Take a class, carry rescue gear in the backcountry, your life may depend on it
By Emily Palm
Last month, two snowboarders set out to ride the backcountry at Berthoud Pass, but only one came home.
Since his partner lacked a probe, beacon, and shovel, the man who died in a January 17 slide along the “High Trail Cliffs” northeast of Berthoud Pass left his avalanche protection and rescue gear in the car.
One never knows, but I can’t help but wonder: If the pair had attended one of the annual free avalanche-awareness clinics put on by the Friends of Berthoud Pass, could this death have been prevented?
Last weekend, FOBP held its seventh annual on-snow portion of their grassroots avalanche awareness outreach program. Ideally, someone who recreates in the backcountry during the winter takes an avalanche I course, and attends a yearly refresher. Such full-blown courses can cost upwards of $300 (worth every penny, but pricy), so the FOBP class is a great start to garnering life-saving avalanche savvy.
Though I took an avy I class five years ago, I can definitely say I’ve learned more in the field digging avalanche pits with my backcountry buddies and attending the FOBP classes. Over the years, my knowledge base has taken me from passive student simply absorbing information, to being the one talking our instructors’ ears off with questions, theories and “what would you do” scenarios.
Our instructors, Gary Apostolou and Mike Bean, shared invaluable tips and down-and-dirty snow tests while skinning up the west side of Berthoud Pass.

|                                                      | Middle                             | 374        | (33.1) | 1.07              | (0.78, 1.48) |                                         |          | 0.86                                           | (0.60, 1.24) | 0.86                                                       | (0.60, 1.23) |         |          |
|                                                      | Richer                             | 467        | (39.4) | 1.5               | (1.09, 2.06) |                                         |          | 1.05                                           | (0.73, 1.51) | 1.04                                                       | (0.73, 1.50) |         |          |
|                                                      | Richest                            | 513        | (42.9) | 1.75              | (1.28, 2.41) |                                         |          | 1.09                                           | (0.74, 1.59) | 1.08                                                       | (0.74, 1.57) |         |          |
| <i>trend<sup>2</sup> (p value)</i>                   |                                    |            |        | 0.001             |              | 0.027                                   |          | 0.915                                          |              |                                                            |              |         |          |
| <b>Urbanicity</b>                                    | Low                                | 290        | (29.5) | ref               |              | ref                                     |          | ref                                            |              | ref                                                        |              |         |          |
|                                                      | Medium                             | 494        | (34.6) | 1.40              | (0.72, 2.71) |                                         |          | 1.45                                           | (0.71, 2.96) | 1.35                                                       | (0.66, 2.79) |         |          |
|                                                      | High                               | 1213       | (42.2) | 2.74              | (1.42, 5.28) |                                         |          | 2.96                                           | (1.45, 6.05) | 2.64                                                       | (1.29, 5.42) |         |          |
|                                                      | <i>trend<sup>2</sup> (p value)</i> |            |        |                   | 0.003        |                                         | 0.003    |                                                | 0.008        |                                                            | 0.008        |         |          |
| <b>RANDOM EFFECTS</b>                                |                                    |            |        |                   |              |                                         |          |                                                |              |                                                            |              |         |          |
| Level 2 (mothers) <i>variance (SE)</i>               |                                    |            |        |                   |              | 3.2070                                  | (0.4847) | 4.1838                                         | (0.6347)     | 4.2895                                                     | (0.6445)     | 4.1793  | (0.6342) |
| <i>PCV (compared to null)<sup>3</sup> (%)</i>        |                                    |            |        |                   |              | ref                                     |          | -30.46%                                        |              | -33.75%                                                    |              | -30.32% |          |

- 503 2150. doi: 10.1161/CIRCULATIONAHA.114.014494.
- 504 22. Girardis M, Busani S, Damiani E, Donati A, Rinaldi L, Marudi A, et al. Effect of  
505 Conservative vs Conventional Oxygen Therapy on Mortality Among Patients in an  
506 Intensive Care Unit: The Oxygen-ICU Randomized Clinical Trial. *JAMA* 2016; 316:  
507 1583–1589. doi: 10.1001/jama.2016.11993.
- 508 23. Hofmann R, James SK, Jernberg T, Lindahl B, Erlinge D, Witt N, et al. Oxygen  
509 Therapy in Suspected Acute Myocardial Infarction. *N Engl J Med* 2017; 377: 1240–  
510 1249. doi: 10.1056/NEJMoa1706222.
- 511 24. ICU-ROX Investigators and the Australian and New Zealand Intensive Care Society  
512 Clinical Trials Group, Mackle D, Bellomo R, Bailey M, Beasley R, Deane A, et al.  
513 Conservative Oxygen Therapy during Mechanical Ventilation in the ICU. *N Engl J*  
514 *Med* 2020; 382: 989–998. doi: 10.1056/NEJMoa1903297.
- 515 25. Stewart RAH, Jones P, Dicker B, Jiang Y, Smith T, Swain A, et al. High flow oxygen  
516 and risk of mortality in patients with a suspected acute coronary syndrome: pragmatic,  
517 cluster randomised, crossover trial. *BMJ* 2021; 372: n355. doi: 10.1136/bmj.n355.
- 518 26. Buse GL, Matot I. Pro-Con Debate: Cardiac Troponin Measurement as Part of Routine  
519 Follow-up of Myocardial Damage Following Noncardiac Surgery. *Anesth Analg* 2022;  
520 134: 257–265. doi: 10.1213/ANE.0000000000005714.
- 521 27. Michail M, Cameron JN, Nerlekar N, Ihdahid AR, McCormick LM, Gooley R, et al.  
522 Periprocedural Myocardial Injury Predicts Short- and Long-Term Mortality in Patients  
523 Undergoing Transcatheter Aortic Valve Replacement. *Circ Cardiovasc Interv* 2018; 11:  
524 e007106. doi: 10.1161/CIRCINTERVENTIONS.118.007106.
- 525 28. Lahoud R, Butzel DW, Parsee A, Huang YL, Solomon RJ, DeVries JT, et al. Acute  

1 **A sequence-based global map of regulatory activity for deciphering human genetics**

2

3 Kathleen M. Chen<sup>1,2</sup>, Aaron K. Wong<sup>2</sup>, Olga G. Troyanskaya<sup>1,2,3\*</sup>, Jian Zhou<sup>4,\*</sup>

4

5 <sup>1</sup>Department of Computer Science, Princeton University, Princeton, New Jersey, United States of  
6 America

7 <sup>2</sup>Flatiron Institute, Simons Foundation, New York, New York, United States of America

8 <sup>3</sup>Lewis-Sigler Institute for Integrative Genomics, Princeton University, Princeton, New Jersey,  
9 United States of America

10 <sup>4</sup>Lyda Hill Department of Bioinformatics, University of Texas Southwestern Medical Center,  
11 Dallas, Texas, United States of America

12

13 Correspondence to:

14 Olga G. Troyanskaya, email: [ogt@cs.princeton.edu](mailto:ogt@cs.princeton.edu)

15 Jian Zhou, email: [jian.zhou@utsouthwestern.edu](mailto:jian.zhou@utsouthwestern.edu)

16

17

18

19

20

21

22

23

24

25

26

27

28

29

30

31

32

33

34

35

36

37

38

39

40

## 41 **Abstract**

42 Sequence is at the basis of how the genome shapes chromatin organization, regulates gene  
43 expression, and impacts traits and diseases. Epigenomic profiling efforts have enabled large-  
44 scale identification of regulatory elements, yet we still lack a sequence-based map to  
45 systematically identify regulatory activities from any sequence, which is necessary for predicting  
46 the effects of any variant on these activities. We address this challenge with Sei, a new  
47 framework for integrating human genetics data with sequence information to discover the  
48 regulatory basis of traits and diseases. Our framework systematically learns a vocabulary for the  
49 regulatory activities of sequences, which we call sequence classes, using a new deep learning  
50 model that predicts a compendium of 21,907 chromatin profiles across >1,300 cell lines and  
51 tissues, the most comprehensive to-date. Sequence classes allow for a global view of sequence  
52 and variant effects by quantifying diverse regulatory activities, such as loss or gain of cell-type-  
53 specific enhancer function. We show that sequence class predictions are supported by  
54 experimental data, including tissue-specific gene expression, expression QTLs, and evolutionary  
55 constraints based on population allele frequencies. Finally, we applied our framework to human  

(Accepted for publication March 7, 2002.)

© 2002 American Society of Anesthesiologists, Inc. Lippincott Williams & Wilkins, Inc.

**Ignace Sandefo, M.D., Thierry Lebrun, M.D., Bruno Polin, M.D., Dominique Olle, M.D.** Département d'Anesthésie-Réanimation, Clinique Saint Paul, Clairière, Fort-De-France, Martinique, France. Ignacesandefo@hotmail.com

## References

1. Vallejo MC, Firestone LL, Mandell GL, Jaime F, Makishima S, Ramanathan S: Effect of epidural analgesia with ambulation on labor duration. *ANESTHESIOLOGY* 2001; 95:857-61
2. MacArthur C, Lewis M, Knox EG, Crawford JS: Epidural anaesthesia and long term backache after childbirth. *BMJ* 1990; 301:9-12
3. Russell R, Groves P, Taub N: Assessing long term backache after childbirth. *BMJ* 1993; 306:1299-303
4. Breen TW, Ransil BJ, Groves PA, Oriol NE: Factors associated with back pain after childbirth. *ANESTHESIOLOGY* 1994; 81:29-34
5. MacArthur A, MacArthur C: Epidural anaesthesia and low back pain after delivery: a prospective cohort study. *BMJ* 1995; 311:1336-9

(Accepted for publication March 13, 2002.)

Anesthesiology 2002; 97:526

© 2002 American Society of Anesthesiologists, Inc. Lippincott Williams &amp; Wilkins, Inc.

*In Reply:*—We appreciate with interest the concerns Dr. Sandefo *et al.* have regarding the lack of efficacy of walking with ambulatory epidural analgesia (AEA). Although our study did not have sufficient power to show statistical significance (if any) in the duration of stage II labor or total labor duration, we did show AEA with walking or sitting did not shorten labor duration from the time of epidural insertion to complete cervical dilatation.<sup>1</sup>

As we headed up, we used our ski poles to punch through layers in the snow. Quick tests can show the layers and the energy in the snowpack. Apostolou compares the stored energy to a rubber band wound tights waiting for a knife to hit it.
“And your skis are the knife,” he said.
Another good test when skinning up is to do a kick-turn and take a look at the stability of the snow isolated by your tracks. A mini-Rutschblock test, if you will.
We hiked up to a spot to dig a pit and check out the layers in the snow. While spatial variability can yield inconsistent snow pit results, it’s still good practice to add the information gleaned from pits to the quiver.
All of the clues in the snowpack-stability puzzle help inform the backcountry skier. It begins when you check out the avalanche forecast in the morning. It continues with the down-and-dirty tests and observations on the skin up. (Shooting cracks out from under you, a whoomphing sound, rapid temperature change, and snowfall accumulation of more than an inch an hour are all red flags in my book.)
Observed weak layers found in a pit, and other stability test results, can then guide whether your group skis the steeps you’d hoped to, or head down the lower angle route that’s less avalanche prone.
An important thing to remember is that you are looking for reasons not to ski, not the opposite. In other words, the work of understanding the avalanche dragon never stops.
More at www.EmilyPalm.com.
Filed under: avalanches